What’s Your (Personal) Digital Music Strategy?



This article discusses the evolution of the distribution of music, including the current “fork in the road”, which is likely to impact format, breadth and cost of the music listening experience moving forward.

Record, CD and CassetteAs you may remember, beginning sometime in the 1970s, cassettes usurped records as the preferred way to purchase and listen to music. They were mobile and durable; though inexact…. Unlike with records, finding a particular song that you wanted to play was a guessing game.

Compact disks came onto the scene in the early 1980s. The first album to be released on CD was Billy Joel's 52nd Street in 1982 (Wikipedia). CDs were also highly mobile and wonderfully allowed for precise song selection. Over the next two decades, CDs would dominate the landscape. As a result, many people assembled a deep (and costly) collection of CDs. 

iTunes launched in 2001 and things were never the same. Instead of physically buying music, you could download it onto a player. Format adoption was gradual, but over the next several years, the iPod came to dominate. The transition to digital music had begun and one of the things that cemented its ascent was the fact that you could import your existing CDs to iTunes and other emerging channels, thus fully leveraging your prior investment in CDs.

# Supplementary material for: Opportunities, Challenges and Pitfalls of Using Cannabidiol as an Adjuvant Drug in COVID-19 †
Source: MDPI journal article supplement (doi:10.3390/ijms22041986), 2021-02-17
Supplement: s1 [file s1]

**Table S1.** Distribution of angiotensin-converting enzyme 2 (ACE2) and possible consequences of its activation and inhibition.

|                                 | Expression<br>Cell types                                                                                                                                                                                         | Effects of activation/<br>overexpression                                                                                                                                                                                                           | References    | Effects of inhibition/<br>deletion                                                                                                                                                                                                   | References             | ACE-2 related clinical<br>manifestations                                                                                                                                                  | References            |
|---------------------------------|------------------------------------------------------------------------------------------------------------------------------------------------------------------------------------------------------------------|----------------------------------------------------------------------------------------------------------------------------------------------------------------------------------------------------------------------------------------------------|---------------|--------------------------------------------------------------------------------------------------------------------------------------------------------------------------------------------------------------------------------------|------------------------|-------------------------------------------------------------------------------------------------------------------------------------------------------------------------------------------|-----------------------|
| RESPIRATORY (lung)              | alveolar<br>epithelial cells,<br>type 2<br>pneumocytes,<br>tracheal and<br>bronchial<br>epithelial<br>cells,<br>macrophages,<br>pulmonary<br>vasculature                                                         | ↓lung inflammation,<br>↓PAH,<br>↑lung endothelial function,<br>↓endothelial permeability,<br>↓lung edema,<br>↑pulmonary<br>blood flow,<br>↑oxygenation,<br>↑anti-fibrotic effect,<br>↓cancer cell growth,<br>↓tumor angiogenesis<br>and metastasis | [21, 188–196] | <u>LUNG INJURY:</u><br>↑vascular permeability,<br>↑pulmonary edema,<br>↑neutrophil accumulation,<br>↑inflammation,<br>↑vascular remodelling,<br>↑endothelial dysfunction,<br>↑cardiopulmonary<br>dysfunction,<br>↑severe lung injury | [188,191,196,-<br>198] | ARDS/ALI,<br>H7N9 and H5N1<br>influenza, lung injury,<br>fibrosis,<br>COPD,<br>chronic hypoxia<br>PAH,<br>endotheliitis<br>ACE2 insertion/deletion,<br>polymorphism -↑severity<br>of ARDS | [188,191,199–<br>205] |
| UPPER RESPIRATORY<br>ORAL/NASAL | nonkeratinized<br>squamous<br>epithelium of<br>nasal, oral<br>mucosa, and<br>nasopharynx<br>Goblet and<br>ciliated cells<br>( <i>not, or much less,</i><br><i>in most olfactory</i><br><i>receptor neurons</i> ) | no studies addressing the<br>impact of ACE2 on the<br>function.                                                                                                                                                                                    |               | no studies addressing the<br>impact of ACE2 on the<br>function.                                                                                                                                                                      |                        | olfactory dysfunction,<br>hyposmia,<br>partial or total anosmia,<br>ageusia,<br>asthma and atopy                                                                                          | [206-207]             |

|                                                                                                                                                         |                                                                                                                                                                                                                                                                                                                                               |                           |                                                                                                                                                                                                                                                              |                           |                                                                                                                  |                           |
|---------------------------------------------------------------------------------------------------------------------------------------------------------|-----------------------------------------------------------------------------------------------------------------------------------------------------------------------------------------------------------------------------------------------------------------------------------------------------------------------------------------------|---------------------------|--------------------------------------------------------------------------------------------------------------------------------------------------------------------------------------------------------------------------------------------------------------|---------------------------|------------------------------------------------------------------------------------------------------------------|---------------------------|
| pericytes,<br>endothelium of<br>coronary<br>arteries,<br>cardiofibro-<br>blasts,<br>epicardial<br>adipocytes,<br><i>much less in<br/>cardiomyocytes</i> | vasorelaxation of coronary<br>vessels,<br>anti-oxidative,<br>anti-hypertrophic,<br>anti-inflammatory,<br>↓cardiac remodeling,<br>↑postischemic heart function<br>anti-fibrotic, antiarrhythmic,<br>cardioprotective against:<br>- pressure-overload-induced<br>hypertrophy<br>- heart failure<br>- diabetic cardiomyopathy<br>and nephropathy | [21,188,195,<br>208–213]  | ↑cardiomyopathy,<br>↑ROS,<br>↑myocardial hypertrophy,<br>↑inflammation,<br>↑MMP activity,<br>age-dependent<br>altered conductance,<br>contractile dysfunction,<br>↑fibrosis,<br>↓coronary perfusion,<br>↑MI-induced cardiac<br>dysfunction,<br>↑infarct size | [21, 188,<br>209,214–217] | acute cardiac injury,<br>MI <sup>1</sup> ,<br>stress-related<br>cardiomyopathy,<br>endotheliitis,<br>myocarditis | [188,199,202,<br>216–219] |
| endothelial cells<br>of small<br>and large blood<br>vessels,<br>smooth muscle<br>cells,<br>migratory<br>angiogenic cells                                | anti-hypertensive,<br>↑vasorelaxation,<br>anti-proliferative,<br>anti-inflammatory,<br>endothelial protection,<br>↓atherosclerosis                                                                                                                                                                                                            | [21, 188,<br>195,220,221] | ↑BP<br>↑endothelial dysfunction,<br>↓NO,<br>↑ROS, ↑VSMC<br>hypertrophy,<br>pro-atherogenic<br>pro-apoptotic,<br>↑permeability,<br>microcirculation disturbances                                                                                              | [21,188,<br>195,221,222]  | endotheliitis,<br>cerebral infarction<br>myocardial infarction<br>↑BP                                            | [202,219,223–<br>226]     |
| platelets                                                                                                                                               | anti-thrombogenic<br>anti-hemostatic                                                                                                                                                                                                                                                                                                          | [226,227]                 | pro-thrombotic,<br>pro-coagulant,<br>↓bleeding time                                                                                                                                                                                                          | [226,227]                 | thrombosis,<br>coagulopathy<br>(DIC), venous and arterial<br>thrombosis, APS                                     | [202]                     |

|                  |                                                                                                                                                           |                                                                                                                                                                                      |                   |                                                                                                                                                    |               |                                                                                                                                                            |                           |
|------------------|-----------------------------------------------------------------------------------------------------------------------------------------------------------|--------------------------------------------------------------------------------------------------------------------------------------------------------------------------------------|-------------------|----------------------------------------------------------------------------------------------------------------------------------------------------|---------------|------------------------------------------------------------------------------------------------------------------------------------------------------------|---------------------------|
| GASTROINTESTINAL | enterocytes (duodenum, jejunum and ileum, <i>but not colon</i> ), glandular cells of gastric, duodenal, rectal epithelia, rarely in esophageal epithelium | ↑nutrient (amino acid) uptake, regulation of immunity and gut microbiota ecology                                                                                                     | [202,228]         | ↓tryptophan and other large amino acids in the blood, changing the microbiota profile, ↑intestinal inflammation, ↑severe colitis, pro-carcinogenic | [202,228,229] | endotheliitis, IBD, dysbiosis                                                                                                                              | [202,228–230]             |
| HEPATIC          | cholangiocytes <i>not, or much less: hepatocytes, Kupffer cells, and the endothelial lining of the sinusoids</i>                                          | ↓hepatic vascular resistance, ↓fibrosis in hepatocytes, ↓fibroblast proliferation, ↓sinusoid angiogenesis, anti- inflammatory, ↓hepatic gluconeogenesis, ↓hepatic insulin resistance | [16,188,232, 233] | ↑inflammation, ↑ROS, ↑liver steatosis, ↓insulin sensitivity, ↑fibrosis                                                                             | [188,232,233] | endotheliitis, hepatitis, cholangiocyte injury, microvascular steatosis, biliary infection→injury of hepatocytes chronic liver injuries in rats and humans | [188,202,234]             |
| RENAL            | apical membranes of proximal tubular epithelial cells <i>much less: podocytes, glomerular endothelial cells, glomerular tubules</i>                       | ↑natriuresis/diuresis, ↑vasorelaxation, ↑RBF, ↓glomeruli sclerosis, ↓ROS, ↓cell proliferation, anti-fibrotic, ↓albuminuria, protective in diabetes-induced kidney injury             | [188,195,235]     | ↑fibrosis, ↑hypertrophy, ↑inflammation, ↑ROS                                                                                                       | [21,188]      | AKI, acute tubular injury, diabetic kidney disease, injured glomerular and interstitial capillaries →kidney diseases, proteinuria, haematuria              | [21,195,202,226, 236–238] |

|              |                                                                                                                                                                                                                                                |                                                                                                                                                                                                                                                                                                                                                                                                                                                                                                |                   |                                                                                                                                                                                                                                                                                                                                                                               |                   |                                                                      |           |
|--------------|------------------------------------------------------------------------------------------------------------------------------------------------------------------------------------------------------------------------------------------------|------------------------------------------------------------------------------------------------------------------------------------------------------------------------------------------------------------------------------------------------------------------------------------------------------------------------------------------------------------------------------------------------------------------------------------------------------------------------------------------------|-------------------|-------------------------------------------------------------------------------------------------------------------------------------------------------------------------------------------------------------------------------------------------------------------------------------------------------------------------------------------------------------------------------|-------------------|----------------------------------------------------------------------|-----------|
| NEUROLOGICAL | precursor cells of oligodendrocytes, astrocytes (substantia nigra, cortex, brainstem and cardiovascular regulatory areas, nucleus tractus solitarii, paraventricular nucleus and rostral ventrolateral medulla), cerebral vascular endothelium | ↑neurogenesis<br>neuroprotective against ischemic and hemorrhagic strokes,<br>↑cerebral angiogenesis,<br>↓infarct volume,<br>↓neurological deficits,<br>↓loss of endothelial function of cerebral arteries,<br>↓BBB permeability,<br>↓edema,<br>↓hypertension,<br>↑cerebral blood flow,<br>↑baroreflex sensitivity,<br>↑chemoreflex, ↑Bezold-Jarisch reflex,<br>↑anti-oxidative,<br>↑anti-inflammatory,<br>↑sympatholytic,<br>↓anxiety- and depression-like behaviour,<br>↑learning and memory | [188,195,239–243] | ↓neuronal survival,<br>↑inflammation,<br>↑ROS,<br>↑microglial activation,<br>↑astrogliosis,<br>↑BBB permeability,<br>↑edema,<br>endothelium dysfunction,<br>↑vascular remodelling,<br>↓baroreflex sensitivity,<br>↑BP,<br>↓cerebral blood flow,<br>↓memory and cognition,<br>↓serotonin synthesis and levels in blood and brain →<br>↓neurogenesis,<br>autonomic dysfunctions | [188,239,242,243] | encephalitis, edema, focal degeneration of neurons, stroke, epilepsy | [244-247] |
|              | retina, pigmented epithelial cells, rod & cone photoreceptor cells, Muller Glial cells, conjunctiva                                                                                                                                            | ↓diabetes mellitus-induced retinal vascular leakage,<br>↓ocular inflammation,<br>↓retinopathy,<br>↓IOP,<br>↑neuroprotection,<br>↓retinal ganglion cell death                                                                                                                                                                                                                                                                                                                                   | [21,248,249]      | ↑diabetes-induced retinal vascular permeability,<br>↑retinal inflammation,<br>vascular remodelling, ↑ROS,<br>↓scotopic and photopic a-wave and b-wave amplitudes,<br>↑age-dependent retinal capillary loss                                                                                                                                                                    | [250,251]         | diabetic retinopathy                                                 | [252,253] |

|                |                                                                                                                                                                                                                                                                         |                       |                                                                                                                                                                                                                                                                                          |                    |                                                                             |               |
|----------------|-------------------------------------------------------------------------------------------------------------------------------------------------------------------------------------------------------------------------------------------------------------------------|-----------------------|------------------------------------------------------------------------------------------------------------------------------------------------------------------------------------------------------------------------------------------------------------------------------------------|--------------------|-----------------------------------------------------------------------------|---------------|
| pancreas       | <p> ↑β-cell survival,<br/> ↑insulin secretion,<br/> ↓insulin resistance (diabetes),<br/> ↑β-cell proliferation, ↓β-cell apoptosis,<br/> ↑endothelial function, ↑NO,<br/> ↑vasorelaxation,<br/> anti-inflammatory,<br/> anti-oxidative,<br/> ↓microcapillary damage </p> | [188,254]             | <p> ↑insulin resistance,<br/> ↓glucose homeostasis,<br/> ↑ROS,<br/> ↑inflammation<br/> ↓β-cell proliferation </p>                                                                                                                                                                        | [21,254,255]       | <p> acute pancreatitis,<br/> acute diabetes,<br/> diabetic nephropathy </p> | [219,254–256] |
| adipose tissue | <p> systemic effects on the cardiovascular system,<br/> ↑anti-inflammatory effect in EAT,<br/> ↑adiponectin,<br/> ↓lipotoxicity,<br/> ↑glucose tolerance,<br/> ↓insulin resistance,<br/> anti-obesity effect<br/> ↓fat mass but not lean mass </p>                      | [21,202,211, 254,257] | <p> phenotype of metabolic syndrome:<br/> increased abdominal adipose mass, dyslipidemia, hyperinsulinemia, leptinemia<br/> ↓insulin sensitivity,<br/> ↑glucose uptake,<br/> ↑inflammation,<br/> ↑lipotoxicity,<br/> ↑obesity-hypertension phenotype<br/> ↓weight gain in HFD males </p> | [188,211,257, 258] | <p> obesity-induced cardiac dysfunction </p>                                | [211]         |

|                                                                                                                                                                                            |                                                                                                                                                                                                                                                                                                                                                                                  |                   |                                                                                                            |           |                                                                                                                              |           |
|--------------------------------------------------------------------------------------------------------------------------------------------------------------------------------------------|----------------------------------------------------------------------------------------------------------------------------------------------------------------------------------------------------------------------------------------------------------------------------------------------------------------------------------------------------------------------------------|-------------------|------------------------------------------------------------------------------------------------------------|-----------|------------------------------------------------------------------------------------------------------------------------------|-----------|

Today, a revolutionary new option exists that requires a thoughtful choice. Services like Google Play and Spotify allow you to stream what is essentially the entire catalog of music that was ever commercially produced. It’s all there and can be accessed for roughly $10 a month across all of your devices. Read a review of an album in Rolling Stone or get an email that your favorite band has a new release, and you will be able to listen to it whenever you want.

The fork in the road that I reference early on in this article is whether to continue buying new albums as we all have in the past or to instead subscribe to a digital service where $10 a month gets you access to everything. For the individual who buys an album a year, this may seem like a costly proposition, but for others, the opportunity to access an (essentially) all-encompassing library is incredible. One major caveat to the streaming option is the fact that if you unsubscribe from the service, the music that you haven’t actually purchased will no longer be available to you.

There is a lot to think about here. No right or wrong, but a decidedly different path that should be recognized if you are interested in listening to new music in the future.

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